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Restaurants grow sales via the internet

Restaurants grow sales via the internet

Restaurants grow sales via the internet

Paul McGarrity looks at how restaurants are growing their customer base and sales via digital and social media.

While I’m not a huge fan of either multinationals or takeaway pizza, I can’t help but admire Domino’s which has reported massive gains in online sales over the past year.  

Last week, the pizza chain revealed it had increased e-commerce sales in its last quarter of trading by 57pc, throughout its UK and Ireland franchise network.  That’s impressive growth in what is a highly competitive industry.  The company’s success also demonstrates how digital and social media aren’t viewed as optional add-ons for the restaurant sector, but are now placed at the very heart of how restaurants market, sell and serve.


Domino’s online success is the result of placing new technology and social media at the very heart of its business.  Domino’s probably understands its customers better than any other brand.  It knows its customers are very strong users of the internet and social media and develops its whole business - from taking orders, marketing to customers and hiring staff - via digital media.

However, Domino’s’ introduction to the power of the internet wasn’t a particularly pleasant one.  In 2009, two monumentally idiotic employees in its Conovo, North Carolina branch thought it would be a good idea to film themselves placing cheese and salami up their noses before garnishing a pizza with them. Unsurprisingly, the video went viral causing a PR crisis for the brand.  After a slow reaction to the internet storm, the company’s chief executive eventually released a media statement and turned to social media to help quell the issue. The incident was a learning curve for the brand and since then it has invested heavily in selling and marketing online.

Every part of the Domino’s customer journey, from brand awareness to sales and customer service, has a very strong digital dimension. If, for example, you search for ‘pizza delivery Belfast’ the brand is highly visible on Google search engine results for that particular phrase, making it more likely for a potential customer to click through to a website of their local Domino’s franchise.  Critically, the company also makes it very easy for customers to select and buy from its websites.  In contrast to many businesses that sell online, Domino’s has a fast and efficient e-commerce process that maximises the number of people completing purchases.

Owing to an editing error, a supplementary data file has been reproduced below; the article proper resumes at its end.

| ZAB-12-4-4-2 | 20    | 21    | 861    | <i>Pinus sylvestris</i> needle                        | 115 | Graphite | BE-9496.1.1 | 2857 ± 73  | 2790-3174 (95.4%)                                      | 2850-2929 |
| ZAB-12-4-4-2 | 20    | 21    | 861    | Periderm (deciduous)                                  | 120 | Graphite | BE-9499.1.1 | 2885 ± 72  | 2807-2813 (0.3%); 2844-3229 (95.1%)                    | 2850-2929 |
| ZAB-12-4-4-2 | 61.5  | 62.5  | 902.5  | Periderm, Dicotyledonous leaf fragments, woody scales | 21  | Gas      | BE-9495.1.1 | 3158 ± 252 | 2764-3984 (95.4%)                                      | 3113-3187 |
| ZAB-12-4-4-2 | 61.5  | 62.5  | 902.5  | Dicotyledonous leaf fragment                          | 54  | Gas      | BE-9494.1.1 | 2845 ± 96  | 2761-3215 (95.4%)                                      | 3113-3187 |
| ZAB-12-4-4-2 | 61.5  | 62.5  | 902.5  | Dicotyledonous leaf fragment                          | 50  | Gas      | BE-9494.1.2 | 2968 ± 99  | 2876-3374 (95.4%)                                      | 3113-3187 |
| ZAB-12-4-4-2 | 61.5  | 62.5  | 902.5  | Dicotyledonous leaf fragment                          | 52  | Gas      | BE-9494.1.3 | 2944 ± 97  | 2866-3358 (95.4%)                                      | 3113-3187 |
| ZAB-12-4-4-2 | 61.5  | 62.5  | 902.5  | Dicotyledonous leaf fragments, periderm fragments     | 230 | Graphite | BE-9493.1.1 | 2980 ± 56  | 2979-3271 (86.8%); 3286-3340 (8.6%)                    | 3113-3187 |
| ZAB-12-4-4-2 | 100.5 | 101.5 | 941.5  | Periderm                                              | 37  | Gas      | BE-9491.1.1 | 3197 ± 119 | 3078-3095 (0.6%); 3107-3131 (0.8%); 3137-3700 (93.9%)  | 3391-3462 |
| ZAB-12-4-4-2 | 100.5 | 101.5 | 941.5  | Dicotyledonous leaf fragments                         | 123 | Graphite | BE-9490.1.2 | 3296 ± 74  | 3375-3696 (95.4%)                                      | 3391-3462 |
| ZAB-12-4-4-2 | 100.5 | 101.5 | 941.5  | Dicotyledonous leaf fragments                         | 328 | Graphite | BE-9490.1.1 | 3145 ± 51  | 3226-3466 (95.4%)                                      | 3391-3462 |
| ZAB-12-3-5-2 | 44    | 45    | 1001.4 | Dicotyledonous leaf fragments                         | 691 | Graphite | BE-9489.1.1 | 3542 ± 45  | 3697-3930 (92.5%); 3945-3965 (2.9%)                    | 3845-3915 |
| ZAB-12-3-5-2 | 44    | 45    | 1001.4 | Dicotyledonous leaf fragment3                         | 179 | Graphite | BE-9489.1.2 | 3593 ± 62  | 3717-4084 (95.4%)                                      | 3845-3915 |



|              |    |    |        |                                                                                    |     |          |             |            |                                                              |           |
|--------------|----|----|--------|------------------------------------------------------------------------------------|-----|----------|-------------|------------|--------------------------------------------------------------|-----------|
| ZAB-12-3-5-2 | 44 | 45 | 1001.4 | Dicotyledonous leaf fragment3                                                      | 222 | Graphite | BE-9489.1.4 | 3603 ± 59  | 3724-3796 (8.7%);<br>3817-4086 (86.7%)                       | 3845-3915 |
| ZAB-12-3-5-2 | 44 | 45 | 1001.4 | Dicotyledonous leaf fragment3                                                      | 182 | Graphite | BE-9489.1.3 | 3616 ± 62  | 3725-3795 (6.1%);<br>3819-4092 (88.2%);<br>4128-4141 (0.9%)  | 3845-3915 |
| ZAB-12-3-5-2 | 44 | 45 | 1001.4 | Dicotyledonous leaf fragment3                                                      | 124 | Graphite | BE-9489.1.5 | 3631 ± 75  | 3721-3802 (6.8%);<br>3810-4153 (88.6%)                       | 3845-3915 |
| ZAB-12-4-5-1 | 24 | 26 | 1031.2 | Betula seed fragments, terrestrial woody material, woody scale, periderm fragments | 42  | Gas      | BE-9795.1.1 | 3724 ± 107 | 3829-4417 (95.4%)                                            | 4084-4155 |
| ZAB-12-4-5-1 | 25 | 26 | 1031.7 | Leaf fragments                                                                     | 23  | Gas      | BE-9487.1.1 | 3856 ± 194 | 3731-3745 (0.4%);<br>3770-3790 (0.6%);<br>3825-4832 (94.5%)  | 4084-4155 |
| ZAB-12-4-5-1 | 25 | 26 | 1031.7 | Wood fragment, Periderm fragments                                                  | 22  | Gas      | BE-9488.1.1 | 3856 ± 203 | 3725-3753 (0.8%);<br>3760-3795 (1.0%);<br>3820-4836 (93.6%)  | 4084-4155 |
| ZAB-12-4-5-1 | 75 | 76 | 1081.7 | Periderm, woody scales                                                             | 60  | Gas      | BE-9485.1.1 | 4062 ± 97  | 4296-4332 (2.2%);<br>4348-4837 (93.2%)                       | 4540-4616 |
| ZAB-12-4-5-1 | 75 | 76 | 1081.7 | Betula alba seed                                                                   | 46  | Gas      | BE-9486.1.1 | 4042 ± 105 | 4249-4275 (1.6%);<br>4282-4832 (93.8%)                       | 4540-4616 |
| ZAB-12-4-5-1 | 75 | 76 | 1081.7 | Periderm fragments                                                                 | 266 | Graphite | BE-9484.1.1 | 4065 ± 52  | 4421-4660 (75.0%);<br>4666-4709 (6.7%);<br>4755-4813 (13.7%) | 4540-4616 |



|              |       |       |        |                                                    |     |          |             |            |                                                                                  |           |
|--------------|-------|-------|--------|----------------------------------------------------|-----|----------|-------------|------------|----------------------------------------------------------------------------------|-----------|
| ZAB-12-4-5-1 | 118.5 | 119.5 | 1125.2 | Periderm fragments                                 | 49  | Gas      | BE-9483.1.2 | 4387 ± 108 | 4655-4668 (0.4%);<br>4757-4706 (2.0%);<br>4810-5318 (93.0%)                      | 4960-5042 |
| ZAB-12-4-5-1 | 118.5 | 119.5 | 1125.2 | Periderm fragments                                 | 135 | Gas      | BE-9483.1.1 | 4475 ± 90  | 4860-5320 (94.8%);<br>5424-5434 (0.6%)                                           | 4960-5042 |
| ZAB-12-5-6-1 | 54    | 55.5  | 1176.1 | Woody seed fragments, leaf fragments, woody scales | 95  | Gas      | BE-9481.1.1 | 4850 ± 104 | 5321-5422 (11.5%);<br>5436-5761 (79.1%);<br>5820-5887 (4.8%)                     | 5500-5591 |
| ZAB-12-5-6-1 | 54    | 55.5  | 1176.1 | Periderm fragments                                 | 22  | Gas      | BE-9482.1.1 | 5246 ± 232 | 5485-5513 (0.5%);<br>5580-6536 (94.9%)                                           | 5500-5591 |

But it’s the brand’s use of PR and social media that really sets it apart, and acts as a huge driver for online sales.  Facebook and Twitter, two of the most important social media sites, lie at the core of Domino’s marketing.  Last year Domino’s celebrated its 50th anniversary by offering customers 50pc-off pizzas in a campaign that culminated in a record week of sales for the brand.  It was able to use Facebook advertising to micro-target its main audience, and encourage them to visit a dedicated Facebook app where they could use an online voucher for a local franchise.  The viral nature of Facebook and Twitter were also leveraged as people shared the competition online with their own social media friends.

Mourne Seafood Bar and Social Media

It’s not just global brands using digital media to grow and retain customers.  Mourne Seafood Bar is one of the real success stories in the Northern Ireland restaurant scene.  It uses social media effectively to communicate with customers and promote its restaurants, which include the Mourne Seafood restaurants in Belfast and Dundrum, Home Popup in Belfast and The Belfast Cookery School.

For Mourne Seafood, using social media had a number of distinct advantages over traditional media. According to Bob McCoubrey, co-owner of Mourne Seafood Bar, “Twitter is a direct, fast and free way to promote the restaurants and we use it to advertise new menus, promote deals and offers, as well as for customer service queries”.

Through its Facebook page, Home Popup features regular updates on new menus and engages with its customer base.  The restaurant is steadily growing its Facebook fans who can see regular posts from the restaurant in their news feed. The restaurant also benefits from the viral nature of social media as its Twitter followers and Facebook fans often share its content online. For example, if Home Popup posts a new offer or dish, fun photo, or interesting comment, its social media followers will sometimes share these posts on their own Facebook page or retweet them on Twitter. 

The opportunities and benefits from social media also extend to answering customer service questions and even sourcing suppliers.  Twitter, in particular, has also allowed Mourne Seafood Bar to discover and trade with local suppliers who are also using social media, including Broighter Gold Rapeseed Oil whose products are now sold in the Belfast Cookery School.

One of the reasons Mourne Seafood Bar is so successful on social media is that it doesn’t use it to exclusively focus on promoting products and offers. The content posted on Twitter, for example, varies widely from posting quirky photos of its makeshift ‘Oyster’ Christmas tree to questions on New Year resolutions. As McCoubrey says, “You don’t want to bore people as a business; you have to mix it up a bit and also show people you are a human being”.

Paul McGarrity is director of Octave Online Communications, an internet marketing consultancy based in Belfast.

Marketing Partners